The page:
DELHI FACES A LOCKDOWN FOR AIR POLLUTION: The role of agriculture, and why can primary sector become an ESG investment opportunity

Schools and offices closed, construction sites activities suspended, limitations to trucks circulation. These measures are not adopted to fight the pandemic, but another powerful enemy in Delhi: air pollution.

The pollution level in the Indian capital is unhealthy during the whole year but in October-November the pollution exceeds 20 times what is considered to be safe by the WHO.

Among the main causes we can find agriculture from near states, like Punjab and Haryana. In those states crop stubble is frequently set on fire during this period. Farmers resort to this solution because it is forbidden to plant rice before mid-June to prevent excessive water exploitation. This means that there is less time to prepare the new cultivation, and the quickest way is to burn the rests of the previous one. This behavior causes high smoke clouds going down towards Delhi.
Another factor is geography: the Himalayan mountains make a sort of barrier that prevents the smoke to escape towards the north. Furthermore, in those months, cold mountain air rushes down towards the capital. This cold air moves under a layer of warmer air coming from the lowland, creating a trap for pollution.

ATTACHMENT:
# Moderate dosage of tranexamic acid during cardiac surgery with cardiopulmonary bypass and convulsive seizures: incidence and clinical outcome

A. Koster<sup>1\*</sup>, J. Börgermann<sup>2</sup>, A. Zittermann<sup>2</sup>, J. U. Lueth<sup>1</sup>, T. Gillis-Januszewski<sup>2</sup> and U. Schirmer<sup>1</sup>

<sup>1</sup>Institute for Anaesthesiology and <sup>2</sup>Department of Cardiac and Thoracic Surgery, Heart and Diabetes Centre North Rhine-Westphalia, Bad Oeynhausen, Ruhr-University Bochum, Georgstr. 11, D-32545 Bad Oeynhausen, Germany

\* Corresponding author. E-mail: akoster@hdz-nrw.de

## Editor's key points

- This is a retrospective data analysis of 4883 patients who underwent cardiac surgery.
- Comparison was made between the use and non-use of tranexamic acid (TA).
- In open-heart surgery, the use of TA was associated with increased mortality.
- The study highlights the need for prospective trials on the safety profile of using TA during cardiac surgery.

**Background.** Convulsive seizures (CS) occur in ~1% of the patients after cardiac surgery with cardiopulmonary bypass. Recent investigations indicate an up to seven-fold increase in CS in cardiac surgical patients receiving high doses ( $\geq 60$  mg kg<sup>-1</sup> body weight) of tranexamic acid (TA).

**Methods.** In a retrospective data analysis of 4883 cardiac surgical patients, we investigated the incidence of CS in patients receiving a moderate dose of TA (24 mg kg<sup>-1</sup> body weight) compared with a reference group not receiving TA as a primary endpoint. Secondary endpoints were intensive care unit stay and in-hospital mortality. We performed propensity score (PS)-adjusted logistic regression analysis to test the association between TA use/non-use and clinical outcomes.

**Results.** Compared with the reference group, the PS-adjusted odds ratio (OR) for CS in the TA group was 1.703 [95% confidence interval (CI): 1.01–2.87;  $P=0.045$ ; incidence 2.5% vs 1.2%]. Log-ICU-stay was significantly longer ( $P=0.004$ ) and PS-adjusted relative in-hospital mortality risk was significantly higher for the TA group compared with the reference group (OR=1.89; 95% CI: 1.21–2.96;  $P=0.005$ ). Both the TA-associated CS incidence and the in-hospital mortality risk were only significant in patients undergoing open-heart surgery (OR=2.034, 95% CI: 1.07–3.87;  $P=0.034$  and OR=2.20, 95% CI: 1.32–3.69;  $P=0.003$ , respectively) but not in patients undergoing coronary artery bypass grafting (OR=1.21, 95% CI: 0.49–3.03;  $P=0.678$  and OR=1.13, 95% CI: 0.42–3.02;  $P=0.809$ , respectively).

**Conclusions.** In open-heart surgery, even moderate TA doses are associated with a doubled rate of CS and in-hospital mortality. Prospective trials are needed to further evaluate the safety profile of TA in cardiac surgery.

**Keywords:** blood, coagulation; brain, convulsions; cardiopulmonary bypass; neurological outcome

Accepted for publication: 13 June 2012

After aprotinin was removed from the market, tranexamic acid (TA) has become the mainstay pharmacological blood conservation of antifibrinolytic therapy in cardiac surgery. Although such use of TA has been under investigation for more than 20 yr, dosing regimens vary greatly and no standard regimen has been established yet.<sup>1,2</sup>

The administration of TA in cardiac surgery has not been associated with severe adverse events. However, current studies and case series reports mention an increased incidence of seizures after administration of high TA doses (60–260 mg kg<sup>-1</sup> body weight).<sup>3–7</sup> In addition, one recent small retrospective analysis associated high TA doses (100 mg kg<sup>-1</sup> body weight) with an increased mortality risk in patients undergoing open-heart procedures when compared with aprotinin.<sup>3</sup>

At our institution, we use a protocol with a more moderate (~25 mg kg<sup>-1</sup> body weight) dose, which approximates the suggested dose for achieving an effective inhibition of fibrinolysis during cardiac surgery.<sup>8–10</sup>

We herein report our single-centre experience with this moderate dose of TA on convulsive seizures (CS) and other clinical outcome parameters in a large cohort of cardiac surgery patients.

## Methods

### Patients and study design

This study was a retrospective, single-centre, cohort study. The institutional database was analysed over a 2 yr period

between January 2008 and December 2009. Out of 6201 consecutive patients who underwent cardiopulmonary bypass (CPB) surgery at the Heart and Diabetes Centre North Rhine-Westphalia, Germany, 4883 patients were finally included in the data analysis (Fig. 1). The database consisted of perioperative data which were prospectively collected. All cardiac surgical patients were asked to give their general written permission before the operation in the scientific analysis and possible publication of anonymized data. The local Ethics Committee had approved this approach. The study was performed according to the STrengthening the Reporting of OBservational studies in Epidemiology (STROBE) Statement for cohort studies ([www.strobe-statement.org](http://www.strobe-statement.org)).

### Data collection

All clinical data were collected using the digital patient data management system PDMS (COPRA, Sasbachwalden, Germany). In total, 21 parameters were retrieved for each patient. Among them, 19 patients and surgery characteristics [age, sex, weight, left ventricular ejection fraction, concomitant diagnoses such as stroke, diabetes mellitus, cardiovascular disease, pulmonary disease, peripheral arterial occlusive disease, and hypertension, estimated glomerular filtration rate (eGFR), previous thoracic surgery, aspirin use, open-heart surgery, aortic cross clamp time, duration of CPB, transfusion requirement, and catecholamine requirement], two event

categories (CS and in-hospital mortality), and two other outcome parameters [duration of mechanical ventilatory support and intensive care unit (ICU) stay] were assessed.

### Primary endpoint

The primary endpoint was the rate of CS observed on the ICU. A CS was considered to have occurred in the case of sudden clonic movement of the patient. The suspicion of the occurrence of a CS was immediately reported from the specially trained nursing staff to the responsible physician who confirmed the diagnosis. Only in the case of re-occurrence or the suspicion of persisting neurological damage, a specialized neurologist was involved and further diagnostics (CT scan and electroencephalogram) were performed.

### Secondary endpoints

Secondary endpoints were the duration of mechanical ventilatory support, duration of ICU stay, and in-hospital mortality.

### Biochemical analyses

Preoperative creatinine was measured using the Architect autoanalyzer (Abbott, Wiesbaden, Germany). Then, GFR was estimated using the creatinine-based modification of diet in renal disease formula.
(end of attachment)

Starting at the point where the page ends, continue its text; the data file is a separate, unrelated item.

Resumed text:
Another main cause is the massive increase in population (by more than 7 million in 10 years). This obviously means a higher population density, more cars moving round the city, more factories.
All these contributions make Delhi so contaminated that breathing its air for a day is equivalent to smoke 50 cigarettes -according to experts.

Yet, one question arises: why has India been so conservative during COP26, despite being so touched by these phenomena?

Together with other countries like China, India was among the promoters of the “watering down” change of wording (from phasing out to phasing down) with respect to the coal usage.
Dealing with carbon neutrality, India has made a small step further, but the 2070 term is not considered to be enough by many.

India is the third country that pollutes the most in absolute terms. In relative terms, anyway, the numbers decrease considerably: there are 10 nations that emit more greenhouse gas than India per capita (countries like Korea, Japan, Iran and Canada, in addition to US, China and Russia). This leads us to the main point that India held at the Glasgow meeting: as a developing country it should have the possibility to use fossil fuels like other countries did in the past, when industrializing.
The growth in India is rapid both at economic and demographic level, but it is not sustained by an adequate modernization.

How can this situation be improved?

The emissions in India, as ascertained by the Glasgow meeting will not have a radical change overnight.
Population growth is a difficult element to control, too.

Farmers, from their side, will not stop burning because it is the only way to get rid quickly of the old cultivations before the new season. It will have serious consequences on their profits.
Anyway, the cultivation techniques are still very underdeveloped. Among the main problems there are fragmentation, poor mechanization and, in general, lack of funds and capital.